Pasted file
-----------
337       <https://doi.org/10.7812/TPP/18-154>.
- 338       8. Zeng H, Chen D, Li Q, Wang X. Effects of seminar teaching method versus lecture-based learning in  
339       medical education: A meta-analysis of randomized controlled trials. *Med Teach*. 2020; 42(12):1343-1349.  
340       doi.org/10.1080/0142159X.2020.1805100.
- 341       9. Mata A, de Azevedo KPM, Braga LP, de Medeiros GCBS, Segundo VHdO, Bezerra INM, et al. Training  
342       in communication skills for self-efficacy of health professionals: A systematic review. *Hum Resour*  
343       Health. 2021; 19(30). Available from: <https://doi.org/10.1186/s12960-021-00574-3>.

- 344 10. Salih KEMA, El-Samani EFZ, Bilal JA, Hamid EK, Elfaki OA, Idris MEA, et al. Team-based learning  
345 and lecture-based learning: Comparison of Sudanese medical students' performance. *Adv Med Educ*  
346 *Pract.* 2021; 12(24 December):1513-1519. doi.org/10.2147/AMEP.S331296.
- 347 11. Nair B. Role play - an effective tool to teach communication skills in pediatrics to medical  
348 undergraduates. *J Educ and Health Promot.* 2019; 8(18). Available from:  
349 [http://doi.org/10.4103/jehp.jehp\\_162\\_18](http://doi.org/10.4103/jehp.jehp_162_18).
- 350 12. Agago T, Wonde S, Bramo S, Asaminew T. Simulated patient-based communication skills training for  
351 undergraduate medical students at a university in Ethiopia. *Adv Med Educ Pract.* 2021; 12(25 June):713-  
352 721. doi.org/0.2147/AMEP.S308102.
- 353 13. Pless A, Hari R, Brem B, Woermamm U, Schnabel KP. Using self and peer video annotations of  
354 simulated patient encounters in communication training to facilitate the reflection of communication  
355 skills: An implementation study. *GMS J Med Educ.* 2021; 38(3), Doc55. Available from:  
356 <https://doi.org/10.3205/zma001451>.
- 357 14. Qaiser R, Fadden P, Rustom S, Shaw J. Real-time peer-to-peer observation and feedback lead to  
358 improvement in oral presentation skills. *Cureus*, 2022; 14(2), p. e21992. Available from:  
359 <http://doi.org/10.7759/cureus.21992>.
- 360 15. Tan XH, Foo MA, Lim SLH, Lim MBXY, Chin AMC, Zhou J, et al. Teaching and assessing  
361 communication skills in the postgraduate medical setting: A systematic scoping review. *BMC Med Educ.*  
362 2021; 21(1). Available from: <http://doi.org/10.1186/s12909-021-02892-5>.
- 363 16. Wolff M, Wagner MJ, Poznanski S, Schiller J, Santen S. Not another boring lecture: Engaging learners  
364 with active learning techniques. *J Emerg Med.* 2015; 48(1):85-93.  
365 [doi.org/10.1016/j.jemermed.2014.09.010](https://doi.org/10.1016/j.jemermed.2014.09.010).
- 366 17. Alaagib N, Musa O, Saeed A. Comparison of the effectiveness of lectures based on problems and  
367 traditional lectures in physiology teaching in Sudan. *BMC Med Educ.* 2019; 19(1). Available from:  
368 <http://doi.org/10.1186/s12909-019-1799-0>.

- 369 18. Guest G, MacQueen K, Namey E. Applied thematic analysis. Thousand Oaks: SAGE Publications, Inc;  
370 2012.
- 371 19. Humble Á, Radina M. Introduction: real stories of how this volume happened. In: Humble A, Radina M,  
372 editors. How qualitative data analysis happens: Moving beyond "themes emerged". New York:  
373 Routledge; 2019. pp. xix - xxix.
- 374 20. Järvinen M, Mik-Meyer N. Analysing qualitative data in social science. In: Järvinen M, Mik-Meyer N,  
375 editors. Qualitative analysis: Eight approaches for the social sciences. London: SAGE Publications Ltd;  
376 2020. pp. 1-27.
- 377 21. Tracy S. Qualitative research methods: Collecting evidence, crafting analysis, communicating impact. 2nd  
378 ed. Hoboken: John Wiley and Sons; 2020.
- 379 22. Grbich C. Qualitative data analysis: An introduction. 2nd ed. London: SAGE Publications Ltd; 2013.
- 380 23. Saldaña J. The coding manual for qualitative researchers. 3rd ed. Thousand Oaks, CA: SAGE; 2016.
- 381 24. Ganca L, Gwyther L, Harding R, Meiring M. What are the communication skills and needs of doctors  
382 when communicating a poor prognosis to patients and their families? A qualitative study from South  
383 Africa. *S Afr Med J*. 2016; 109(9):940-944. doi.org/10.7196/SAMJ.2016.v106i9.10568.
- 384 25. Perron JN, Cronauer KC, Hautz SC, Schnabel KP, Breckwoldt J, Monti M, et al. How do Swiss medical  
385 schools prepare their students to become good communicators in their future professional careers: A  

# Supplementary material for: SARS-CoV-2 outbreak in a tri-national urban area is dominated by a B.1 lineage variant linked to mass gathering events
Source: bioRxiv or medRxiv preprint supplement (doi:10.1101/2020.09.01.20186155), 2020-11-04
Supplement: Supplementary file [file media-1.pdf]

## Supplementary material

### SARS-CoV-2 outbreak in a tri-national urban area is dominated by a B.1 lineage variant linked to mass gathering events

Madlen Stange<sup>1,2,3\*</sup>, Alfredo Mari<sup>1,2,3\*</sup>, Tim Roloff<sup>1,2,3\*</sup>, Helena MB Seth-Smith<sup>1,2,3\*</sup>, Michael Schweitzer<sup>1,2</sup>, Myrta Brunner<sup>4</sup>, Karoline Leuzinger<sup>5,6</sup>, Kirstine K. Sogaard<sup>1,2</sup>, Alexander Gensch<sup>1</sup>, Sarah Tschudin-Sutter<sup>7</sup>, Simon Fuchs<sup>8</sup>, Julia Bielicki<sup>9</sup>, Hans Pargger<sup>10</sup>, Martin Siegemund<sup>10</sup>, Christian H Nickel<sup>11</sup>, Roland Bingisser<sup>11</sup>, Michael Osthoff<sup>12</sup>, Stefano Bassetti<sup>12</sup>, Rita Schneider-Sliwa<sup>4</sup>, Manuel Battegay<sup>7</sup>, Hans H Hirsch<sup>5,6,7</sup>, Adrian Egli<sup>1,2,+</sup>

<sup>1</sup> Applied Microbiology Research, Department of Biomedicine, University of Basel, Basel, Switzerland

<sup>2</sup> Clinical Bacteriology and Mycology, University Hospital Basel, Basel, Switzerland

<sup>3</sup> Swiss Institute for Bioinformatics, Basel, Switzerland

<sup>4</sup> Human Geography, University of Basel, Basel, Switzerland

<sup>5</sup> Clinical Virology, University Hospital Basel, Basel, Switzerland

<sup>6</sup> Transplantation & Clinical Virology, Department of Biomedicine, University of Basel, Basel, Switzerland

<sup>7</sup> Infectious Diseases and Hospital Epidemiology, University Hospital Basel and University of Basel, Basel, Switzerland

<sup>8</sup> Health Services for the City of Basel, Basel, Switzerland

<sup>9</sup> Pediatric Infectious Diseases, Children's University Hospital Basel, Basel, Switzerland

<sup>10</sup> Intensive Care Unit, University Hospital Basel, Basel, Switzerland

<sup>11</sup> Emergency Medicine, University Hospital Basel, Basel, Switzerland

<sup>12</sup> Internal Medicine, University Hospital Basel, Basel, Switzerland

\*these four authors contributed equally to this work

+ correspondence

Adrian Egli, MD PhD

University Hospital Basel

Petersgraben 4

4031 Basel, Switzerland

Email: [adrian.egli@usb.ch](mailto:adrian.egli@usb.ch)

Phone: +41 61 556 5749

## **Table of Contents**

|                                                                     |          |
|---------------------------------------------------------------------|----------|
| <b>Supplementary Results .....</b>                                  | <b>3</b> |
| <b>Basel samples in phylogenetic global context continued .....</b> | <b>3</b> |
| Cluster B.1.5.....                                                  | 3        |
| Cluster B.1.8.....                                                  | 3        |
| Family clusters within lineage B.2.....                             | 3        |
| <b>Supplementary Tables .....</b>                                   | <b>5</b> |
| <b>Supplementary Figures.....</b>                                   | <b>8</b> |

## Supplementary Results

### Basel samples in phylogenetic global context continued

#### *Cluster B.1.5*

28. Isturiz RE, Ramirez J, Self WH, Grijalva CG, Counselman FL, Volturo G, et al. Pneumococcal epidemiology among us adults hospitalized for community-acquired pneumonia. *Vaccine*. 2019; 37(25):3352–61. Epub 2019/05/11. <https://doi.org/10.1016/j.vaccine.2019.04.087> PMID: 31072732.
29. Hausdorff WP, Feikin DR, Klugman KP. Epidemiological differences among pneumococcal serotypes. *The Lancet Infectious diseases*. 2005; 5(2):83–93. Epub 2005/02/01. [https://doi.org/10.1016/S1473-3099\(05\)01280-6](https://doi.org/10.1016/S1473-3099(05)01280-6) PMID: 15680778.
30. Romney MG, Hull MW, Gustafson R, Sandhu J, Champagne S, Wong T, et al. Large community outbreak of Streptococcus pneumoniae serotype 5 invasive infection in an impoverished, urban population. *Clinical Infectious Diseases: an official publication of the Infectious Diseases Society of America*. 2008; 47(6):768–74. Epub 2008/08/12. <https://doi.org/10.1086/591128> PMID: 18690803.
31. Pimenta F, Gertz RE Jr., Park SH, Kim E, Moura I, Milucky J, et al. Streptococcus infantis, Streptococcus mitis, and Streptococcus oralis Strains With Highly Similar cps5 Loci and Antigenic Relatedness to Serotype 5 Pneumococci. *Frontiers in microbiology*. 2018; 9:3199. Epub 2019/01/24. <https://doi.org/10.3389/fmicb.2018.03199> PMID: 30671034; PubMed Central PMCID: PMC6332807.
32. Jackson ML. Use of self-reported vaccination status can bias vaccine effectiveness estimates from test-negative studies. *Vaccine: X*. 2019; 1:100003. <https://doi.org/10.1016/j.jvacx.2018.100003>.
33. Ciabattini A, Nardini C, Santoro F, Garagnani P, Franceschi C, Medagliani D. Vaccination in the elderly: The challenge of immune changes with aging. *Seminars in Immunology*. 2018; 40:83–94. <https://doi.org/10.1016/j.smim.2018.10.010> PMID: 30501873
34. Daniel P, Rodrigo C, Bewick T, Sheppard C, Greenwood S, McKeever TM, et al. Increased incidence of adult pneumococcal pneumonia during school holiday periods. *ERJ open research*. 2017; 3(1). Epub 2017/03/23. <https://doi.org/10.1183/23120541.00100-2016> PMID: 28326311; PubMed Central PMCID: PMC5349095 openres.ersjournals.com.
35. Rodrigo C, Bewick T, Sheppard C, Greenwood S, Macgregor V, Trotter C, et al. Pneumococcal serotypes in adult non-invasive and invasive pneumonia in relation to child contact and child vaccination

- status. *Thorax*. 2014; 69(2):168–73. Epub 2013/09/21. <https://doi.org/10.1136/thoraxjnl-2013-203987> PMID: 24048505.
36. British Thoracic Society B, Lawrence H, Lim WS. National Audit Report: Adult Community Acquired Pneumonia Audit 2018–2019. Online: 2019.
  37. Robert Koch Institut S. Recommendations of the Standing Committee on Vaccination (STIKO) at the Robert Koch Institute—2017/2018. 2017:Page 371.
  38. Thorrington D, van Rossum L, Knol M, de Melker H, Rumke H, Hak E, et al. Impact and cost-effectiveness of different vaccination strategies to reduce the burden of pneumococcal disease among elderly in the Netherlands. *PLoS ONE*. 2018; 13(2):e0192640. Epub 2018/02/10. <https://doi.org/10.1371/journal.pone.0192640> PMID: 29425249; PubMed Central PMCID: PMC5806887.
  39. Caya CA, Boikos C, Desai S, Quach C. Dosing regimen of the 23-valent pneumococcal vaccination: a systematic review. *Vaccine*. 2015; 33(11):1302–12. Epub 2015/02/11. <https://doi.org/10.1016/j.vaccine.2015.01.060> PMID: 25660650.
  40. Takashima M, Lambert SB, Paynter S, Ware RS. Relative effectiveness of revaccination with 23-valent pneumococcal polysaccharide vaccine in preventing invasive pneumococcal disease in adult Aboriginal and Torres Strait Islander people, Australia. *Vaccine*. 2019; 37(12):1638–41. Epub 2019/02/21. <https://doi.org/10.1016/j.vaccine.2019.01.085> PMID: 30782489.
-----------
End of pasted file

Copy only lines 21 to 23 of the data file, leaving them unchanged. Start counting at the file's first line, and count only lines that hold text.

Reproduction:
- 357 14. Qaiser R, Fadden P, Rustom S, Shaw J. Real-time peer-to-peer observation and feedback lead to  
358 improvement in oral presentation skills. *Cureus*, 2022; 14(2), p. e21992. Available from:  
359 <http://doi.org/10.7759/cureus.21992>.